Credit card companies are trying to tap the small business owner market by offering cards tailored to owners’ industries.
They’re intended to meet the different needs of small business owners, who do not use their credit cards in the same way as consumers. They do not have access to capital like larger corporations, and although small businesses may need credit, they are often forced to pay by check since many suppliers do not accept credit cards.
In 2005, MasterCard (which has had a small business card for 20 years) began allowing cardholders to use a signature-free payment system called PayPass, which tracks receipts for small business owners. MasterCard also has a card that provides construction companies with an extra month to pay bills, since construction companies need to pay vendors before getting paid themselves.
Discover launched its first small business card in June 2006.
Meanwhile, Visa has linked credit and debit accounts for its business cards, and is working to get more suppliers such as landlords, utilities, and vendors to accept credit cards.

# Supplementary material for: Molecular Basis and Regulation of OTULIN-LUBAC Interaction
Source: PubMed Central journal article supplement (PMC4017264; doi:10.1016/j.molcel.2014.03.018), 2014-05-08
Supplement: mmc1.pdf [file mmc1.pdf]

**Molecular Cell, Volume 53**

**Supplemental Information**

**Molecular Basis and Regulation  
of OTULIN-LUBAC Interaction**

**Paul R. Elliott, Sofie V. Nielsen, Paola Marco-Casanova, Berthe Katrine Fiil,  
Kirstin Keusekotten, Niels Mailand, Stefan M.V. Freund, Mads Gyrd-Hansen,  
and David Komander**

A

American Express, which long controlled the small business market, has responded aggressively to the competition. Its credit card already had no preset spending limits, but it improved rewards programs and added networking events for its Open card members, such as an evening with Richard Branson, chief executive of the Virgin Group.
Some consultants believe that the competition among credit card companies benefits small business owners. For example, more detailed and frequent statements help small business owners track where their money is going, while higher credit limits and extended payment schedules offer them a flexibility similar to that of larger corporations. Card issuers hope that by getting some of the advantages and attention of large businesses, small business owners will be more excited about their card offerings.